So with a direct blow to a muscle, the injured muscle will bleed. The problem with thigh contusions lies in differentiating whether the actual injury site is on the peripheral surface of the muscle or if the bruising is contained deep within the muscle itself.
With the common type of thigh contusion injury, the bruising / contusion is situated on the outside of the muscle, and gravity will allow the haematoma to drain away naturally over the next few days.
This bruising will be evident within a few hours of the injury being sustained and generally looks a worse than it usually is. Often the bruising will track further down the leg due to gravity; usually in a nice black, yellow or dark blue colour.
The discolouration will be accompanied by pain and limitations of movement. Attempting to bend the knee will be sore, and walking might be difficult. This is the usual scenario with thigh contusions and the injury is generally known as an ‘intermuscular haematoma’.
The term ‘intermuscular’ comes from the presence of the bruising on the surface of the tissues in between adjacent muscles; this allows the haematoma to drain away naturally; assisted by gravity.
The danger lies when the injury results in the bleeding taking place within the actual tissues of the muscle itself.
This is known as an ‘intramuscular haematoma’ and results in the blood pooling being trapped within the muscle tissues. In this case, there is nowhere for the blood / bruising to drain away to since the injury is confined within a restricted space.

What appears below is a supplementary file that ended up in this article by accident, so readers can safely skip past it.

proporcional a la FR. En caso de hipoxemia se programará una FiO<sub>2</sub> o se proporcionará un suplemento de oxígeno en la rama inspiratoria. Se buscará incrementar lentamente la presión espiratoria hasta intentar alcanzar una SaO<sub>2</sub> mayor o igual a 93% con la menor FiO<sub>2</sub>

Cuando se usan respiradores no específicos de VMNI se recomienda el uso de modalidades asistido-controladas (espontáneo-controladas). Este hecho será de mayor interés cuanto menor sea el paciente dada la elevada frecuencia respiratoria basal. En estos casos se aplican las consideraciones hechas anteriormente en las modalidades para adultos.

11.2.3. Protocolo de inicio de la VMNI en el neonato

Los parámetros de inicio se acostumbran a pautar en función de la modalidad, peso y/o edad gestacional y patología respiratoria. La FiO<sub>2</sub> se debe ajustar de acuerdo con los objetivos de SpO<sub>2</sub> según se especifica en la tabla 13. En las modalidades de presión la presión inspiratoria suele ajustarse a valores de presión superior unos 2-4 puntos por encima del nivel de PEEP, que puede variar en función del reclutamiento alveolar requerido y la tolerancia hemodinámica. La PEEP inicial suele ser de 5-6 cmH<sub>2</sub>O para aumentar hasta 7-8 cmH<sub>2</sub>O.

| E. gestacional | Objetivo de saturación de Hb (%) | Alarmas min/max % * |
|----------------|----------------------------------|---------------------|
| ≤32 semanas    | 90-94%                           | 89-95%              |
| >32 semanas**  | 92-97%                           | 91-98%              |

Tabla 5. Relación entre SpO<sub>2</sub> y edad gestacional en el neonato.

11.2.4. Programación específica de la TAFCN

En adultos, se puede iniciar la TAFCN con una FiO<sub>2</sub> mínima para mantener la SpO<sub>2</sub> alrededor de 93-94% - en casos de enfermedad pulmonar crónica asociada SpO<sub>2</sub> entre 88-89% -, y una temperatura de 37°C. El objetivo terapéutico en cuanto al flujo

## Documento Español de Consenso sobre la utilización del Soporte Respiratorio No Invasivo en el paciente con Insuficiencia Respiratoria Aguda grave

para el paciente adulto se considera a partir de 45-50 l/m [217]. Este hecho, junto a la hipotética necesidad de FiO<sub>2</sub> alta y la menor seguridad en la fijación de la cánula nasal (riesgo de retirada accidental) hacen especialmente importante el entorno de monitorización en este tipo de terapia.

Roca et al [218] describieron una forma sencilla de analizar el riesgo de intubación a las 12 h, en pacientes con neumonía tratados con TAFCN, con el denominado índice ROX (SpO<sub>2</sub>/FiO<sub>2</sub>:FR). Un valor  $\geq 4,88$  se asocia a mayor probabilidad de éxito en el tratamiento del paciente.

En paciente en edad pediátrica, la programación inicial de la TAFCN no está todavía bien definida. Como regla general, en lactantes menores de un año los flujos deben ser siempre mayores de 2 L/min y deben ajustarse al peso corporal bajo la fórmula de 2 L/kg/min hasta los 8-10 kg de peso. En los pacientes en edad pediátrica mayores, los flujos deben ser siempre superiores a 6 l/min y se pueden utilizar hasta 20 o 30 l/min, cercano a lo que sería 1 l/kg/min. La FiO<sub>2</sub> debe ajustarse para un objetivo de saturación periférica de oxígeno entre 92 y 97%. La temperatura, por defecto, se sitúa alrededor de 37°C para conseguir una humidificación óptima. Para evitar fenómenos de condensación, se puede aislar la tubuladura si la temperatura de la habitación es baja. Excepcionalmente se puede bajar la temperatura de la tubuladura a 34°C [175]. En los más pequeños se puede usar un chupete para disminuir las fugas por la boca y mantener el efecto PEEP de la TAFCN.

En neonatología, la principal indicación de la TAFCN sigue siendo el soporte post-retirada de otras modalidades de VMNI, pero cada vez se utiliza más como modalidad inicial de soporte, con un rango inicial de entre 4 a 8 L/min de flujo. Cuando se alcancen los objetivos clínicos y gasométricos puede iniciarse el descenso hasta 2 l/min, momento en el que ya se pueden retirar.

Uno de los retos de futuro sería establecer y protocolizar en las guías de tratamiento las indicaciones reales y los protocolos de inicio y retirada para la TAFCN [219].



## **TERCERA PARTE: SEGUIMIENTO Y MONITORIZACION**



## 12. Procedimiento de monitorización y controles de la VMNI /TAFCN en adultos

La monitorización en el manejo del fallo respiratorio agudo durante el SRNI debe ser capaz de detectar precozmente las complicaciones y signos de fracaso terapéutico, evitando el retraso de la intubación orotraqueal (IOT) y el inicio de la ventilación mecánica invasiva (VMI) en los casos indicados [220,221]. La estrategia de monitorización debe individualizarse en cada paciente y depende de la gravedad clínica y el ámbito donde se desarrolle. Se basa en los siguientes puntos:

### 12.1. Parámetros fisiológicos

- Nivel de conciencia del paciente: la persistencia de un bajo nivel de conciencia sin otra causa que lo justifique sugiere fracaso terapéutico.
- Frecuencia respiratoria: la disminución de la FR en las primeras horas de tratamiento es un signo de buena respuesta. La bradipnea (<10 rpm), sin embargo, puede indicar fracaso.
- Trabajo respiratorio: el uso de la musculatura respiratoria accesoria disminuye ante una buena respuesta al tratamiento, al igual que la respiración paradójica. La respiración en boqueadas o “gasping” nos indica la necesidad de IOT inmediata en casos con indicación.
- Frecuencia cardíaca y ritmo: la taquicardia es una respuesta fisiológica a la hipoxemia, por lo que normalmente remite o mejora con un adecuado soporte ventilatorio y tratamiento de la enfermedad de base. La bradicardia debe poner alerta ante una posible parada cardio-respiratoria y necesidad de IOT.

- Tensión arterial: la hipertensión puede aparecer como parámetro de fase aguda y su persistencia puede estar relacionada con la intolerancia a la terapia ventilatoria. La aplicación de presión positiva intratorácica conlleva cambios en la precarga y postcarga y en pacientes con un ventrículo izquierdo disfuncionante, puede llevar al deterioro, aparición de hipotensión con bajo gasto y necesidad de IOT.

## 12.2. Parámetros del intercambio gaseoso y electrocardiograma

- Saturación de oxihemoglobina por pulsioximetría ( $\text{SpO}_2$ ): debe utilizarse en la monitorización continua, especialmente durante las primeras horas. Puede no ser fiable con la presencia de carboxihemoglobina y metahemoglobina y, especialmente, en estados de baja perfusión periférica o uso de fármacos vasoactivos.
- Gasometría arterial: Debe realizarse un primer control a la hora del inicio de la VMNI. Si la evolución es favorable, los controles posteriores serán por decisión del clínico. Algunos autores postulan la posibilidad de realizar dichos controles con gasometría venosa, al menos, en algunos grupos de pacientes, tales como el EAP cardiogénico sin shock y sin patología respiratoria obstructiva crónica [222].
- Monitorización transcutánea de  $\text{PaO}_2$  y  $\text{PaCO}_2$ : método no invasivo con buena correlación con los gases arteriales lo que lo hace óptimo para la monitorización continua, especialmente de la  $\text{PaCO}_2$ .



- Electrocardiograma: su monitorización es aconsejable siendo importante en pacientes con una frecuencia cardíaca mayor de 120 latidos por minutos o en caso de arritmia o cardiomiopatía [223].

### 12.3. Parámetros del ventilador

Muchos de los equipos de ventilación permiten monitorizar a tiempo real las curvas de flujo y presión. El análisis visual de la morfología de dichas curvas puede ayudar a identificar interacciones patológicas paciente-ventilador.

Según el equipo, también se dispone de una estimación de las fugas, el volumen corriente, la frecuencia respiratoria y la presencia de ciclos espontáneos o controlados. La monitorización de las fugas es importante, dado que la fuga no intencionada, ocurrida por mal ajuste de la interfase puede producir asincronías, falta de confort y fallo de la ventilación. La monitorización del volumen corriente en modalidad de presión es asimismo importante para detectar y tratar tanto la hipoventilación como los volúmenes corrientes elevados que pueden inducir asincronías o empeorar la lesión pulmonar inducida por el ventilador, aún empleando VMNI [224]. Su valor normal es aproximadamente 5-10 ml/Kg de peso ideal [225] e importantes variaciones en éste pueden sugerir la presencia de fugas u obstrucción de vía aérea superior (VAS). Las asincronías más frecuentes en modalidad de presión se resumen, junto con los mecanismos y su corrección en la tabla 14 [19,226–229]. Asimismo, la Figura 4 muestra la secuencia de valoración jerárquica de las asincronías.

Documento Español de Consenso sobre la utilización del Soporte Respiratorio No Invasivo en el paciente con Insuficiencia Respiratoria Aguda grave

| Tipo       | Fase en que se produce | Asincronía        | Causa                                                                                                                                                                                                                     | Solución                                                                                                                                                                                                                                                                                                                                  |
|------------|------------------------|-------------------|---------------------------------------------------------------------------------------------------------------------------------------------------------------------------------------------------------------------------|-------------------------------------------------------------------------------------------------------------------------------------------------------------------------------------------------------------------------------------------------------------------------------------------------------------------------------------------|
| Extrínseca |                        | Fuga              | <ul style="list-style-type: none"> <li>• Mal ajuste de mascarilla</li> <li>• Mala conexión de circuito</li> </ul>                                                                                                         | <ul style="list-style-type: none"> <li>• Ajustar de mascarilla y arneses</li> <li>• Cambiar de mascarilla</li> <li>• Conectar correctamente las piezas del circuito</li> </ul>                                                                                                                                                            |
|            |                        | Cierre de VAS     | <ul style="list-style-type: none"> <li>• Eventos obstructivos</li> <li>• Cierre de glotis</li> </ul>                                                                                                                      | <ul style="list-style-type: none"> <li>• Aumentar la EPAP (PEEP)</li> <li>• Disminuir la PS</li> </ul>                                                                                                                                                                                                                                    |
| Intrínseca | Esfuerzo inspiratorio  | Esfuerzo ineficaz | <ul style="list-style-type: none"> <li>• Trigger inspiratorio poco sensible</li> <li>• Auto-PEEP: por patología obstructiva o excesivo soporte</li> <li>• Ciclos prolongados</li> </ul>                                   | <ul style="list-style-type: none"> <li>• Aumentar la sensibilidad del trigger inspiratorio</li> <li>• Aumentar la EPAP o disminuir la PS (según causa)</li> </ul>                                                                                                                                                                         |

Since an intramuscular haematoma arising as a result of bruised and damaged tissue is confined within the muscle itself as opposed to being superficial between adjacent muscles, this means that any increase in swelling will simply lead to increased internal pressure.
When this happens, surgery can often be required to release that pressure. Clearly this is not an injury to mess around with.
The clinical presentation of an intramuscular haematoma is one of a warm, swollen thigh muscle with minimal surface bruising evident. It may be possible to feel the fluid by lightly running a hand across the injured area which will look and feel different to the unaffected leg.
The site of the injury and the surrounding area will be numb and painful. Movements will hurt and the player isn’t going to want to let anyone touch it; even the pressure of applying an ice-pack can lead to more pain. The swelling arises from the amount of blood collected in the injured area, and this can be quite considerable.
It’s when that swelling continues to increase in the few hours immediately after the injury has been sustained that it can become obvious that we are not dealing with a straight-forward thigh bruising.
Massage and heat treatments are strongly contradicted in the case of an intramuscular haematoma. Any attempt to massage the affected area or apply heat to the injured tissues will simply result in an increase in symptoms and may lead to potential surgery.